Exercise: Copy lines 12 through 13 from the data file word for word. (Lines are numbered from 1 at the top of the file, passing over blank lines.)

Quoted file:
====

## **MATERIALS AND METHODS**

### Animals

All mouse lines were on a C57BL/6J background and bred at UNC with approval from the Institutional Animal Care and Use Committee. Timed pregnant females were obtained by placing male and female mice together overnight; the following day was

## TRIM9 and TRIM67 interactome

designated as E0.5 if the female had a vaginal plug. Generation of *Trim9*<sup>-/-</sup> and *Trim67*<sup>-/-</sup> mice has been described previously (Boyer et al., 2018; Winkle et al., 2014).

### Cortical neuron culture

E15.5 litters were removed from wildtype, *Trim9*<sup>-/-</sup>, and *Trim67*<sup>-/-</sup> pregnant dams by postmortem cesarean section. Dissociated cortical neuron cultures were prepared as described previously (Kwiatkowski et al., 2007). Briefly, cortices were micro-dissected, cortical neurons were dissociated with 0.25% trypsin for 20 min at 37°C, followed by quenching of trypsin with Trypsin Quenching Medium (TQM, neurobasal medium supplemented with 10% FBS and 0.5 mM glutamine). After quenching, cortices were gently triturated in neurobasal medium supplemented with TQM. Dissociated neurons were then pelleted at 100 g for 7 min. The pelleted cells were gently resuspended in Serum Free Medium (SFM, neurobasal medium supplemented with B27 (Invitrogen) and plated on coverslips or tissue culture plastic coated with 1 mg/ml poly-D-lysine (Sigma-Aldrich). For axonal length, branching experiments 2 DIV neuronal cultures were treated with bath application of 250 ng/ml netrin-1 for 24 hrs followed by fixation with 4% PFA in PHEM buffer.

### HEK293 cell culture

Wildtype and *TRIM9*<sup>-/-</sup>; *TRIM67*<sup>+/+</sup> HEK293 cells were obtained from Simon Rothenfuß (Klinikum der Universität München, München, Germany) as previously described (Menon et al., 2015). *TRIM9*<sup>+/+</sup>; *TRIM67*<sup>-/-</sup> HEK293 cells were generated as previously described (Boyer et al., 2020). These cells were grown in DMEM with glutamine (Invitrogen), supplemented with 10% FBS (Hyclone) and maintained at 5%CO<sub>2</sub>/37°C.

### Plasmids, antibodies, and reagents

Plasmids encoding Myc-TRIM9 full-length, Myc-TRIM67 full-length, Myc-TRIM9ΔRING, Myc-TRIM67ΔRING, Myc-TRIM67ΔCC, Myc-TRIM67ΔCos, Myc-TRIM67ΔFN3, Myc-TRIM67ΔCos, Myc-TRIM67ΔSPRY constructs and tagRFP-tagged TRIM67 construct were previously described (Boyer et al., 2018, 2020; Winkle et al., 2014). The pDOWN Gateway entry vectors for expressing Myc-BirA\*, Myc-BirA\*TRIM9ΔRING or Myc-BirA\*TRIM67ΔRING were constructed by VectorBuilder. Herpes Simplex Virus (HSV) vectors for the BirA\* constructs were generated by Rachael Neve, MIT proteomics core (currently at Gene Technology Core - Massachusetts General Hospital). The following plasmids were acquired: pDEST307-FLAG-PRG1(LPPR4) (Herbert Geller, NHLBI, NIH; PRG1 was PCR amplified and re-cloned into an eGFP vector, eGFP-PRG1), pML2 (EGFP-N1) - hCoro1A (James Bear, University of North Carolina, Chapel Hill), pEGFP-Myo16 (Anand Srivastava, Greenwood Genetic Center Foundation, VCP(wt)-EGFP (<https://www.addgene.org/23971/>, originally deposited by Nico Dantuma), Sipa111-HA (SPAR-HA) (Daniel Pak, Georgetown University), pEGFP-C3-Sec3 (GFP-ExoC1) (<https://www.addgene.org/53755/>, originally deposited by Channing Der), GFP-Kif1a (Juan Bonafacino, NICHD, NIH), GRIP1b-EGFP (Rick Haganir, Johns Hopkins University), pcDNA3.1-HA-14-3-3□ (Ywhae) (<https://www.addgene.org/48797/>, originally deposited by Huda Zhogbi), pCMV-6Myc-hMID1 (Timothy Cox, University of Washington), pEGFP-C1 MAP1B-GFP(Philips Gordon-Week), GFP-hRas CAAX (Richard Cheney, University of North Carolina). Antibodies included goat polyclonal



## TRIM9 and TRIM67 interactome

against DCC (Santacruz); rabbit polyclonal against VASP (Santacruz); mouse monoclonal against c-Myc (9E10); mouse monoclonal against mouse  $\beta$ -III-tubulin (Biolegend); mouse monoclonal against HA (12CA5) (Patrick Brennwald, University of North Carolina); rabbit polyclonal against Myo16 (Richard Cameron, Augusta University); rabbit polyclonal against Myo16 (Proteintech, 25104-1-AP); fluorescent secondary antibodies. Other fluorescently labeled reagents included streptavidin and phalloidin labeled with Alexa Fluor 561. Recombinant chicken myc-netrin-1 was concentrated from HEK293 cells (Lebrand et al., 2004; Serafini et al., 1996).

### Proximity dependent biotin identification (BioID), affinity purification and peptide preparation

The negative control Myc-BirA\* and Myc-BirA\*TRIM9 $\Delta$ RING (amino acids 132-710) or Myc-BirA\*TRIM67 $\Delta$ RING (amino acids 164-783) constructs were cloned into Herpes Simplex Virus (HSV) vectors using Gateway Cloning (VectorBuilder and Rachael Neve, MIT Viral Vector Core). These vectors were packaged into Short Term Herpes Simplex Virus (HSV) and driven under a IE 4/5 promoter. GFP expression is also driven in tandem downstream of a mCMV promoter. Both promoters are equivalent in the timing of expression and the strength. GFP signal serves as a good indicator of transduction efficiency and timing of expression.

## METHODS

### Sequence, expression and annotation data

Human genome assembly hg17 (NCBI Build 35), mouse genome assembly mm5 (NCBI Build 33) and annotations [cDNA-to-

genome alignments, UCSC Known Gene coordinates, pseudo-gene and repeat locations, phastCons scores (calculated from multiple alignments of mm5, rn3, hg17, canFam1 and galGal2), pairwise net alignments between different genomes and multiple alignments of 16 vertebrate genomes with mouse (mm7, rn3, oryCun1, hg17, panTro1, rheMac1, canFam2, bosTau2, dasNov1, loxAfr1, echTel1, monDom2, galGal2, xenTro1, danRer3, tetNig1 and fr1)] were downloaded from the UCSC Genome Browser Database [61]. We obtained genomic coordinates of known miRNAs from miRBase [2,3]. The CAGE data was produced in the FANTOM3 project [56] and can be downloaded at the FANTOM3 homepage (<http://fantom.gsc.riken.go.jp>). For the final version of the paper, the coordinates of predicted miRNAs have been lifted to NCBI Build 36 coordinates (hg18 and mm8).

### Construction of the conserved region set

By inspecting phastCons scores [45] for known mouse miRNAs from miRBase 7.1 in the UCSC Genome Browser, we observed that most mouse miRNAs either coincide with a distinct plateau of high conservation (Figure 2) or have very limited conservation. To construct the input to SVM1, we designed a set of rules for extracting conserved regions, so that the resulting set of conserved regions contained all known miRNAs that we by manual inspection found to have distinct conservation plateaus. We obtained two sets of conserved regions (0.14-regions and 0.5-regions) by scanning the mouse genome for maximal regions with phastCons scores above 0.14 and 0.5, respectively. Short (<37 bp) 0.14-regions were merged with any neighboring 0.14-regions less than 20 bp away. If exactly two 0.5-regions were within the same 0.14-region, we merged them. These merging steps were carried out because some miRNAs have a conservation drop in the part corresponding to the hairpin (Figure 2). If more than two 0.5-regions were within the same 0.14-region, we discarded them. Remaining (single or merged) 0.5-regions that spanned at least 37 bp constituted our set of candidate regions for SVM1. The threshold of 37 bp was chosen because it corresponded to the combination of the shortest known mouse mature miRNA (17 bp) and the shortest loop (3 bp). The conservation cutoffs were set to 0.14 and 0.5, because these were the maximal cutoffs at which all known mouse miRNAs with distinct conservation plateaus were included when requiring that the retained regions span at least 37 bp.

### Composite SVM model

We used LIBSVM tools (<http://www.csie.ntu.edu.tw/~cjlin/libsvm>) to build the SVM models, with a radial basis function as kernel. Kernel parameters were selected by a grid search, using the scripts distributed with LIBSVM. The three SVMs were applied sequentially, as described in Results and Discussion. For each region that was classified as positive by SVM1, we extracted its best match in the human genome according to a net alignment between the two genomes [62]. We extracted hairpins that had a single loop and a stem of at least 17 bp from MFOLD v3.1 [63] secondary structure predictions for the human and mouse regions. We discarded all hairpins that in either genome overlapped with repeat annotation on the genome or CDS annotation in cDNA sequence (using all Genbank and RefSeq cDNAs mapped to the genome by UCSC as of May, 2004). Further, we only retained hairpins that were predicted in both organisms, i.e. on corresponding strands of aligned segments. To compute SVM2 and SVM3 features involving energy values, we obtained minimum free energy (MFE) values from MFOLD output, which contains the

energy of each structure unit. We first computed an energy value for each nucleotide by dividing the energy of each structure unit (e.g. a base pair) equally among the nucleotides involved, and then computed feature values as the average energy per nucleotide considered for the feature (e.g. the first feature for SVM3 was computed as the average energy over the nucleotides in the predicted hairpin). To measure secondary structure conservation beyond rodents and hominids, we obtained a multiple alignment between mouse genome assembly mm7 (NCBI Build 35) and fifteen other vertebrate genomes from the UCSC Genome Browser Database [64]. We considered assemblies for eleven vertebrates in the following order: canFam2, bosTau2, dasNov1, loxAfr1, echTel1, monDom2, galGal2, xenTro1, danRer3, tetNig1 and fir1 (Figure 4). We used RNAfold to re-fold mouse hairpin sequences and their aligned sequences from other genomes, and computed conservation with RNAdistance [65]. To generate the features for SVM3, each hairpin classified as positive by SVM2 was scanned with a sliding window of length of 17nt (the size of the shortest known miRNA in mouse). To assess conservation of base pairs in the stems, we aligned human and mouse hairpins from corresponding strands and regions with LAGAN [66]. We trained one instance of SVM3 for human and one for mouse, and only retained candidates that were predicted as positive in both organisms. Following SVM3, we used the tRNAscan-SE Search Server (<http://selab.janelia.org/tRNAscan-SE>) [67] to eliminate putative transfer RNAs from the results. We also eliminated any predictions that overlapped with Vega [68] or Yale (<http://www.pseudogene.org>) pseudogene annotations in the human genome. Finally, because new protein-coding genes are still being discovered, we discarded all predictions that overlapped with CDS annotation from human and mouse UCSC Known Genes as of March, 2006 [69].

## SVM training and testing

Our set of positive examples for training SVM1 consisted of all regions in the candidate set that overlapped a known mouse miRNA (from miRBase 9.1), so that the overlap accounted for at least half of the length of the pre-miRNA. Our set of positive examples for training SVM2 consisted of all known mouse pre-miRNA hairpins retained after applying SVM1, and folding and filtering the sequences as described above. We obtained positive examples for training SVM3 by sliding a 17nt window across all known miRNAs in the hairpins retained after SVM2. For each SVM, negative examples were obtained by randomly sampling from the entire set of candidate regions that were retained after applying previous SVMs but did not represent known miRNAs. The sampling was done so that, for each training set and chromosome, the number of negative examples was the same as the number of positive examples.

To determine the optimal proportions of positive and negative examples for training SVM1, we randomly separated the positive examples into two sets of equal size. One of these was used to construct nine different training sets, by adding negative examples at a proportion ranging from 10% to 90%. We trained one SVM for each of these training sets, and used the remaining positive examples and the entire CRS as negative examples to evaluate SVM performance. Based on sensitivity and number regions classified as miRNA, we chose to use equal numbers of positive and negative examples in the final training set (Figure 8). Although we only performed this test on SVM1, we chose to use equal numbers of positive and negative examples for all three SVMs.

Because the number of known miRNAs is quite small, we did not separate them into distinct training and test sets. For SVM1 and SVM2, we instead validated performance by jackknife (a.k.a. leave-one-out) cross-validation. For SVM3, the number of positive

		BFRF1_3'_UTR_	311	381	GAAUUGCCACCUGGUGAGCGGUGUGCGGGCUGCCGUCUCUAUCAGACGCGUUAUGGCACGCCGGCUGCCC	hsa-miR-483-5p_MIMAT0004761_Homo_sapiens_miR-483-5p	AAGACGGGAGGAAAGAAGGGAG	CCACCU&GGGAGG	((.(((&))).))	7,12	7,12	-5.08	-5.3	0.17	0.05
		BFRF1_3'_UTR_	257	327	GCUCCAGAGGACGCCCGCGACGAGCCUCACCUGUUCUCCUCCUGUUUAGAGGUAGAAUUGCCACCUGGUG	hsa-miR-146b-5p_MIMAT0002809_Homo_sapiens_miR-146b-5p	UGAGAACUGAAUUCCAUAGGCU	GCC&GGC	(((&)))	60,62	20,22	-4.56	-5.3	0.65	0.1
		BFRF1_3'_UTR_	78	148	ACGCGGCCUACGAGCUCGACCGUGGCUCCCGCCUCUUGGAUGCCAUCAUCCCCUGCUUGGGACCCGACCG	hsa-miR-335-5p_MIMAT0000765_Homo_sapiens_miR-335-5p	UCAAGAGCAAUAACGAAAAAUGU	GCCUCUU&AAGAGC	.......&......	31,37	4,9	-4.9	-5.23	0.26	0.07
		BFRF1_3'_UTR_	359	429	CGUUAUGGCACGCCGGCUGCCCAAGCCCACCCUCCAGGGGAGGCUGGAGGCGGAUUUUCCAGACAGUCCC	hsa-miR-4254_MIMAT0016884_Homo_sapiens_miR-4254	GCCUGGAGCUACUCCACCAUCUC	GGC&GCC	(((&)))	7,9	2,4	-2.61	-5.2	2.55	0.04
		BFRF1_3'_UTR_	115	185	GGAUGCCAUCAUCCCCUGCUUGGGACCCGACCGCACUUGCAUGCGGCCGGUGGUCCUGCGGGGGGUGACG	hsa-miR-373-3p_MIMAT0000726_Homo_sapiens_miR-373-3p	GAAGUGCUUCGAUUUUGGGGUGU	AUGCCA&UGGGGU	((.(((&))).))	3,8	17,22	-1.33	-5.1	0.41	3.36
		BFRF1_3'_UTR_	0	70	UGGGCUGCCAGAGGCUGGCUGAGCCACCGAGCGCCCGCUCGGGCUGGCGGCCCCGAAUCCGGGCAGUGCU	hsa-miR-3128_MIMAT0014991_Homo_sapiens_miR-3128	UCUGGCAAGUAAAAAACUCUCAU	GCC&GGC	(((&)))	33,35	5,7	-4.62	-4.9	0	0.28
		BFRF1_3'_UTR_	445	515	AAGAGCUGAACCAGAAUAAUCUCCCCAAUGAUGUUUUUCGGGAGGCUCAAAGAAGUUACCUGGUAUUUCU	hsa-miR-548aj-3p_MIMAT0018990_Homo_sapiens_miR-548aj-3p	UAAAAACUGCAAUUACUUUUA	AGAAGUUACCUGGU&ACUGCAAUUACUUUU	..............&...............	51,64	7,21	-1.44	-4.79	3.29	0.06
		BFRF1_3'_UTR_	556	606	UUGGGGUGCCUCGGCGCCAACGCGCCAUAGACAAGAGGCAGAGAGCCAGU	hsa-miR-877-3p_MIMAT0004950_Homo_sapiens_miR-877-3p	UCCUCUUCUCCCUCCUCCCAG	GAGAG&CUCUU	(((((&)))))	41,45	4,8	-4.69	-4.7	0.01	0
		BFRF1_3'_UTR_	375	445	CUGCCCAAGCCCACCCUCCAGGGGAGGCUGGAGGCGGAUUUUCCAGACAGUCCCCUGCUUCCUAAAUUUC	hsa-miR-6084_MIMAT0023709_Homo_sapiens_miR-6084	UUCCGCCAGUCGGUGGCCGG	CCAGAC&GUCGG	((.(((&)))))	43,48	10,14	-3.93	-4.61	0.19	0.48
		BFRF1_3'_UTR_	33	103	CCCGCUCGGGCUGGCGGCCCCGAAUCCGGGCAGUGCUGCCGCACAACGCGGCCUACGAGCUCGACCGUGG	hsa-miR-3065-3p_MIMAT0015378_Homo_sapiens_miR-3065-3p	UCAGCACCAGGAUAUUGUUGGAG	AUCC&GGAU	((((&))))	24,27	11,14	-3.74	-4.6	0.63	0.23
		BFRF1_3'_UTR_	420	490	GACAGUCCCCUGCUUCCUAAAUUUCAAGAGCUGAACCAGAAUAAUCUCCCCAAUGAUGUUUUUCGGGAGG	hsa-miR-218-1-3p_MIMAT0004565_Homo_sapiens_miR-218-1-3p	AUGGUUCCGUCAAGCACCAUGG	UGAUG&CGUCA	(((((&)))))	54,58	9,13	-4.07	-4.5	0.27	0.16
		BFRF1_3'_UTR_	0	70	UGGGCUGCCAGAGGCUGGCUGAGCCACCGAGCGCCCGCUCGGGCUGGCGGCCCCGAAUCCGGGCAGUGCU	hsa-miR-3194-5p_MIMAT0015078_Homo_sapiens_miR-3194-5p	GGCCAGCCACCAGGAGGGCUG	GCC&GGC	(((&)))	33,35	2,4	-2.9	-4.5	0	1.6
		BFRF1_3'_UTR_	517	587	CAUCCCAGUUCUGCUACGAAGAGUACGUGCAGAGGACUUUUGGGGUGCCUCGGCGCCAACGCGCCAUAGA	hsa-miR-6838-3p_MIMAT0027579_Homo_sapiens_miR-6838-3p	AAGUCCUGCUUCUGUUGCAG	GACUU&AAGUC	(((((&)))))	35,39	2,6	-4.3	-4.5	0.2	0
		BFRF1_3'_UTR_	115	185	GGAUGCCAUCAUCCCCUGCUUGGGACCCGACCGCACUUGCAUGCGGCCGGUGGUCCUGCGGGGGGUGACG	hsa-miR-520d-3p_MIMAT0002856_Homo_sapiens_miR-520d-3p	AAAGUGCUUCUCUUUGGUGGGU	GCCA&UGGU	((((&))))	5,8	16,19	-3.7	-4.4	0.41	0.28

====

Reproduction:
## TRIM9 and TRIM67 interactome

against DCC (Santacruz); rabbit polyclonal against VASP (Santacruz); mouse monoclonal against c-Myc (9E10); mouse monoclonal against mouse  $\beta$ -III-tubulin (Biolegend); mouse monoclonal against HA (12CA5) (Patrick Brennwald, University of North Carolina); rabbit polyclonal against Myo16 (Richard Cameron, Augusta University); rabbit polyclonal against Myo16 (Proteintech, 25104-1-AP); fluorescent secondary antibodies. Other fluorescently labeled reagents included streptavidin and phalloidin labeled with Alexa Fluor 561. Recombinant chicken myc-netrin-1 was concentrated from HEK293 cells (Lebrand et al., 2004; Serafini et al., 1996).